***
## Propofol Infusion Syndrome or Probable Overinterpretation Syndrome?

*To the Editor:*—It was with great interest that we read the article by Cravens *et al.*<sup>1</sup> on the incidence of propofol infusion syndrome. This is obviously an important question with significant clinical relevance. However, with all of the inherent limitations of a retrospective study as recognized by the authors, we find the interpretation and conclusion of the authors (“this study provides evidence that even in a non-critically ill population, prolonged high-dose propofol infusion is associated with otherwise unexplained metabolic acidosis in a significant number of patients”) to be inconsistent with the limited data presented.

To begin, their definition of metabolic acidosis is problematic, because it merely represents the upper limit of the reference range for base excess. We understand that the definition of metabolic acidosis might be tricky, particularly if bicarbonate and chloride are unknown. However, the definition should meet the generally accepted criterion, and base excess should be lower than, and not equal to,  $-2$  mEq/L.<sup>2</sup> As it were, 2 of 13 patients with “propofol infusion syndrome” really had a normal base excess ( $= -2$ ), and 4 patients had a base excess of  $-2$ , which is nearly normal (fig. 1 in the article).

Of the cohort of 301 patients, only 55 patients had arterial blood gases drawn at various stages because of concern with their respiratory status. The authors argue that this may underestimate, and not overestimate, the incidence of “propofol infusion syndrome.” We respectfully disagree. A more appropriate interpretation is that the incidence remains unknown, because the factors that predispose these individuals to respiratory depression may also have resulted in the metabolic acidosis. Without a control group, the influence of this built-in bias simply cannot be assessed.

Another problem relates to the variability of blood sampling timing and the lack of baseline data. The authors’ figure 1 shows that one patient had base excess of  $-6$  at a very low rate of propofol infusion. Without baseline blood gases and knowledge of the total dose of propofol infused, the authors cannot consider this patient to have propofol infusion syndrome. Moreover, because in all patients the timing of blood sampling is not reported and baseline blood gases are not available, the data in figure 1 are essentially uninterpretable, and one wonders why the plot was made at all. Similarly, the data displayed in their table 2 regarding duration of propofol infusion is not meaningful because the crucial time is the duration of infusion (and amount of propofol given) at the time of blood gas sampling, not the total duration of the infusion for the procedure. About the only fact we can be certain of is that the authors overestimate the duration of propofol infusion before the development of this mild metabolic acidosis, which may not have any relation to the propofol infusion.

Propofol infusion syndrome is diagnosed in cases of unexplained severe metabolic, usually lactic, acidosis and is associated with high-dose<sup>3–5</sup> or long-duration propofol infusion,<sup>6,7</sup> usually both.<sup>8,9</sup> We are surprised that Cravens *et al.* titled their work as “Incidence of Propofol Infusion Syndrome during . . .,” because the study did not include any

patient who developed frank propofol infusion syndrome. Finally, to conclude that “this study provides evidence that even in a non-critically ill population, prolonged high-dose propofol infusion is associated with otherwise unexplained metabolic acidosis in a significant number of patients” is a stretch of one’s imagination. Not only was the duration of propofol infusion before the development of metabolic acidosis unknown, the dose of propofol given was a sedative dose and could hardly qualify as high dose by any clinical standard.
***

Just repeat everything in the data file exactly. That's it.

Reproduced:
## Propofol Infusion Syndrome or Probable Overinterpretation Syndrome?

*To the Editor:*—It was with great interest that we read the article by Cravens *et al.*<sup>1</sup> on the incidence of propofol infusion syndrome. This is obviously an important question with significant clinical relevance. However, with all of the inherent limitations of a retrospective study as recognized by the authors, we find the interpretation and conclusion of the authors (“this study provides evidence that even in a non-critically ill population, prolonged high-dose propofol infusion is associated with otherwise unexplained metabolic acidosis in a significant number of patients”) to be inconsistent with the limited data presented.

To begin, their definition of metabolic acidosis is problematic, because it merely represents the upper limit of the reference range for base excess. We understand that the definition of metabolic acidosis might be tricky, particularly if bicarbonate and chloride are unknown. However, the definition should meet the generally accepted criterion, and base excess should be lower than, and not equal to,  $-2$  mEq/L.<sup>2</sup> As it were, 2 of 13 patients with “propofol infusion syndrome” really had a normal base excess ( $= -2$ ), and 4 patients had a base excess of  $-2$ , which is nearly normal (fig. 1 in the article).

Of the cohort of 301 patients, only 55 patients had arterial blood gases drawn at various stages because of concern with their respiratory status. The authors argue that this may underestimate, and not overestimate, the incidence of “propofol infusion syndrome.” We respectfully disagree. A more appropriate interpretation is that the incidence remains unknown, because the factors that predispose these individuals to respiratory depression may also have resulted in the metabolic acidosis. Without a control group, the influence of this built-in bias simply cannot be assessed.

Another problem relates to the variability of blood sampling timing and the lack of baseline data. The authors’ figure 1 shows that one patient had base excess of  $-6$  at a very low rate of propofol infusion. Without baseline blood gases and knowledge of the total dose of propofol infused, the authors cannot consider this patient to have propofol infusion syndrome. Moreover, because in all patients the timing of blood sampling is not reported and baseline blood gases are not available, the data in figure 1 are essentially uninterpretable, and one wonders why the plot was made at all. Similarly, the data displayed in their table 2 regarding duration of propofol infusion is not meaningful because the crucial time is the duration of infusion (and amount of propofol given) at the time of blood gas sampling, not the total duration of the infusion for the procedure. About the only fact we can be certain of is that the authors overestimate the duration of propofol infusion before the development of this mild metabolic acidosis, which may not have any relation to the propofol infusion.

Propofol infusion syndrome is diagnosed in cases of unexplained severe metabolic, usually lactic, acidosis and is associated with high-dose<sup>3–5</sup> or long-duration propofol infusion,<sup>6,7</sup> usually both.<sup>8,9</sup> We are surprised that Cravens *et al.* titled their work as “Incidence of Propofol Infusion Syndrome during . . .,” because the study did not include any

patient who developed frank propofol infusion syndrome. Finally, to conclude that “this study provides evidence that even in a non-critically ill population, prolonged high-dose propofol infusion is associated with otherwise unexplained metabolic acidosis in a significant number of patients” is a stretch of one’s imagination. Not only was the duration of propofol infusion before the development of metabolic acidosis unknown, the dose of propofol given was a sedative dose and could hardly qualify as high dose by any clinical standard.